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03.06 Threads of the Street’s Beat: Hip-Hop Fashion


by Elizabeth Cutler

“And I don’t wear jerseys, I’m thirty plus /Give me a crisp pair of jeans, N***a button up” — Jay-Z


Silence is for The Suburbs. The Streets are loud: the bass bumps, the pavement vibrates, and you can feel the beat. Reverberating through the soles of your Tims, riding the bus line of your nervous system straight to your heart, the beat reminds you that you’re alive. So before the culture and the style, hip hop started with the music.

Hip hop may have started there, but it’s so much more than that now. For Marco Negron, 19, attending the Wu-Tang concert at the Palladium, “Hip hop is everything…the way we walk, the way we talk.” DJ Nino Carta, who has DJed shows with Wu-Tang fam artists, said that hip hop is “…the environment, where [the people are] livin’, the way they are caring themself, and their ethnicity.” For J.Saki, DJ for Wu-Tang Member Cappadonna, “Rap is something you do. Hip hop is something you live.” Hip hop fashion accompanies that lifestyle.

In the past, hip hop fashion meant pulling your oversized baggy pants down six inches and wearing Tshirts size 3-4XL. Trina Celularo, owner of Jimmy C’s Sneakers and Urban Wear at 1086 Main Street in Worcester, an authorized dealer of hard-hitting hip hop lines like Akademiks and Sean John, explained that the “old style” is changing. Celularo says that the sizes are getting smaller and more tailored and that the look is getting “cleaner,” punctuated with more button-down shirts. Celularo would know, considering she takes regular trips to Harlem to see what is new and fresh. She says that hip hop fashion is all about “the hook up,” meaning that it is about having a whole ensemble where the colors flow together as seamlessly as Talib Kweli’s lyrics. And of course, polishing it off with a pair of “Tims” (Timberland boots), a trademark of hip hop fashion, is what really pulls the whole thing together.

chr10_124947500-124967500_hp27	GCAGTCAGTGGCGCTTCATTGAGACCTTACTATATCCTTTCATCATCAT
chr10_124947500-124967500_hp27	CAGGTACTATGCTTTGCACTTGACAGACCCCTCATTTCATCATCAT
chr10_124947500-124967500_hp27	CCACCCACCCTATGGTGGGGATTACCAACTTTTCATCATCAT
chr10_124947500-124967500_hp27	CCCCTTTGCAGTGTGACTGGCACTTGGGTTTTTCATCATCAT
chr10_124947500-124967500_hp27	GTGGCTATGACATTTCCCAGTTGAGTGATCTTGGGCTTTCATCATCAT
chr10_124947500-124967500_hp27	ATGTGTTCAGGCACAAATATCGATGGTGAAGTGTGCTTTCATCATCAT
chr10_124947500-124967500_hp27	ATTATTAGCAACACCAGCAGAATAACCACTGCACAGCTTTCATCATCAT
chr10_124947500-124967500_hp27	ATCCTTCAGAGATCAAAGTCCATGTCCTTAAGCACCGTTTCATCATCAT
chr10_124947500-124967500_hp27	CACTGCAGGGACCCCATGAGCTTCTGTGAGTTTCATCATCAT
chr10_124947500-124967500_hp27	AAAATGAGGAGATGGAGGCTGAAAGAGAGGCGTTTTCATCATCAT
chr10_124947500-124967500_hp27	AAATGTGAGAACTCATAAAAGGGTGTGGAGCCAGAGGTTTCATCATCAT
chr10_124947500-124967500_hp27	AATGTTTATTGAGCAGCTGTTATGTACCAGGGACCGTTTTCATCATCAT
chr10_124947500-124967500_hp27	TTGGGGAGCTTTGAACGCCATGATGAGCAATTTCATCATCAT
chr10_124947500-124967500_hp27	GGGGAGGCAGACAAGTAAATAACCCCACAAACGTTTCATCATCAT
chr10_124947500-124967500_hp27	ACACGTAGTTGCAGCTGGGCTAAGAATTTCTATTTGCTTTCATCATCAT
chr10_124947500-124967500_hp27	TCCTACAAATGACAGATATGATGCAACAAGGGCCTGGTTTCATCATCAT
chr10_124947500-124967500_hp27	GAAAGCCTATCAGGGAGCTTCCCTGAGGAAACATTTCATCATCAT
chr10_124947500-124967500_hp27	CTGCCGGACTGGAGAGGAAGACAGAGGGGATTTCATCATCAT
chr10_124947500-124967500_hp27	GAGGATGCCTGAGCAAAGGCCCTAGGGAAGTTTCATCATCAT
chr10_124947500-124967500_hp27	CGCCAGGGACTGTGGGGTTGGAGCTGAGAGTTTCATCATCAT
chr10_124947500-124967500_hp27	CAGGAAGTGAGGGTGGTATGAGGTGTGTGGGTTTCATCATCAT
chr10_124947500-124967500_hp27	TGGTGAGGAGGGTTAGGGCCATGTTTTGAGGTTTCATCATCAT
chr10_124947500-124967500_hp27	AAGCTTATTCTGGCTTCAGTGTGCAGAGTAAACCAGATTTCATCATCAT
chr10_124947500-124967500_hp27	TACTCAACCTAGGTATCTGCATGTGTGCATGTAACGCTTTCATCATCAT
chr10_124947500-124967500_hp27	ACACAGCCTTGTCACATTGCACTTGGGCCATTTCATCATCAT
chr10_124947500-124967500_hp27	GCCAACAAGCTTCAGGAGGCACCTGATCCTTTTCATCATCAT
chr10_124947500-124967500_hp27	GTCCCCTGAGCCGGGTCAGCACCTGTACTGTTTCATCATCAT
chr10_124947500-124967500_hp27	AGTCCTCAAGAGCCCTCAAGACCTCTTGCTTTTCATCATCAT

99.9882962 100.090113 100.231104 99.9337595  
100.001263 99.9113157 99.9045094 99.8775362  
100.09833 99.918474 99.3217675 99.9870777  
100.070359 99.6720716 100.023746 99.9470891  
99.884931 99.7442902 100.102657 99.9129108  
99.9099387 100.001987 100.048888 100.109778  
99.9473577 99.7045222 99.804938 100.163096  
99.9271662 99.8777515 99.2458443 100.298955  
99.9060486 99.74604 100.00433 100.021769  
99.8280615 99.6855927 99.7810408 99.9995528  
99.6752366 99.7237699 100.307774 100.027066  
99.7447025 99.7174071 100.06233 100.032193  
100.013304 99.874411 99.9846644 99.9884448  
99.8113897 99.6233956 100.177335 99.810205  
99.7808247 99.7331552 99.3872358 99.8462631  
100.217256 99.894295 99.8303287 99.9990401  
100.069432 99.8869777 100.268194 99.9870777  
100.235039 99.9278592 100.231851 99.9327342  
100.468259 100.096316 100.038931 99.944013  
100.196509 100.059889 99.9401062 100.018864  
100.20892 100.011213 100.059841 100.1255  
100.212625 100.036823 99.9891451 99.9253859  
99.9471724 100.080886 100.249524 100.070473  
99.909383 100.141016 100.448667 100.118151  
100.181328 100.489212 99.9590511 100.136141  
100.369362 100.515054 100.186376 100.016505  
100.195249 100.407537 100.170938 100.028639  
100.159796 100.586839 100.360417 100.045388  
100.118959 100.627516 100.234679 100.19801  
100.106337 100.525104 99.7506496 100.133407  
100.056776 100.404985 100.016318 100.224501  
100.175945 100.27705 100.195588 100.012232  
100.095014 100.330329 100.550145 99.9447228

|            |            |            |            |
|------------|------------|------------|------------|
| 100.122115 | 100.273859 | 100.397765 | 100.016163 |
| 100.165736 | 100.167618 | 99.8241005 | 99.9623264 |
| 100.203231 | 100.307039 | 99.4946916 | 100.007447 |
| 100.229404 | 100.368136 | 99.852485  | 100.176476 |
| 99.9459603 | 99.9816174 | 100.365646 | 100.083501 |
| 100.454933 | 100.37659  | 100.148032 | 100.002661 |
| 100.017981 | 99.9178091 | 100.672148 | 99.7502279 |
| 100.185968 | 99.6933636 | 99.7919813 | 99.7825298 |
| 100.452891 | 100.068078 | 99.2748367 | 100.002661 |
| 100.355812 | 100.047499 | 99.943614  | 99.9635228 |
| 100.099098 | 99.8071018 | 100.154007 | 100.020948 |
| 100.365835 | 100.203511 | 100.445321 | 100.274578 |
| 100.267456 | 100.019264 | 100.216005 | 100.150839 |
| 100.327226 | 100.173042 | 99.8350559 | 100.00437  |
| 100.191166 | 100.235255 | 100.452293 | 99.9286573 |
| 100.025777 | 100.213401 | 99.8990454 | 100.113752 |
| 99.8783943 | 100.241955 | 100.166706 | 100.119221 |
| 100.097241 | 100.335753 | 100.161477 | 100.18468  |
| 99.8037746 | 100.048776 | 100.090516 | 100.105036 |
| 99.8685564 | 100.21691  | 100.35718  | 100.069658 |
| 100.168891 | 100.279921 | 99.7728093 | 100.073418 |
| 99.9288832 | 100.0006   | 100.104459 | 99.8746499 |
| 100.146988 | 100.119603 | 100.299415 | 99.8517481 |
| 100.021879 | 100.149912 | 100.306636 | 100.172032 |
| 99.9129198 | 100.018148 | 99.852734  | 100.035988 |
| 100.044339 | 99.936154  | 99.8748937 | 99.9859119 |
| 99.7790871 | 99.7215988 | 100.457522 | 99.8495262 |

While the hip hop look is shifting, some people choose to switch between being more “street” and being more “clean.” Trife da God, boys with Wu-Tang Clan member Ghostface Killah, explained, “One day you might have a button-up and a pea coat and the next day you’re rollin’ around with your hoodies on.” And in fact, that’s the way he rolls.



For women, it is about “…keepin’ it towards the man’s [hip hop style] but makin’ it feminine,” Jillian Powers, 19, told me. She said that it is about knowing how to “cover yourself and still show the right things.” She laughed, rolled her eyes, and nodded when I asked jokingly if she were referring to “lovely lady lumps.” Female style, which emulates the male fashion, is much tighter and hugs beautifully curved bodies. Kimora Lee, wife to hip hop mogul Russell Simmons, designs the line Baby Phat. Graffiti-like logos and delicate bling adorn her asymmetrically-cut tops and dresses. They are so fine no man will ever say you need to “Change Clothes and Go!”

While hip hop fashion can “…seem almost overbearing and intimidating” at times, according to Showtime, a member of Bazarre Royale, the opener for the Wu-Tang Clan, there is something “exciting” about it. “You want to be part of it. It’s magnetic.” And what more can I say? I’ve been magnetized!

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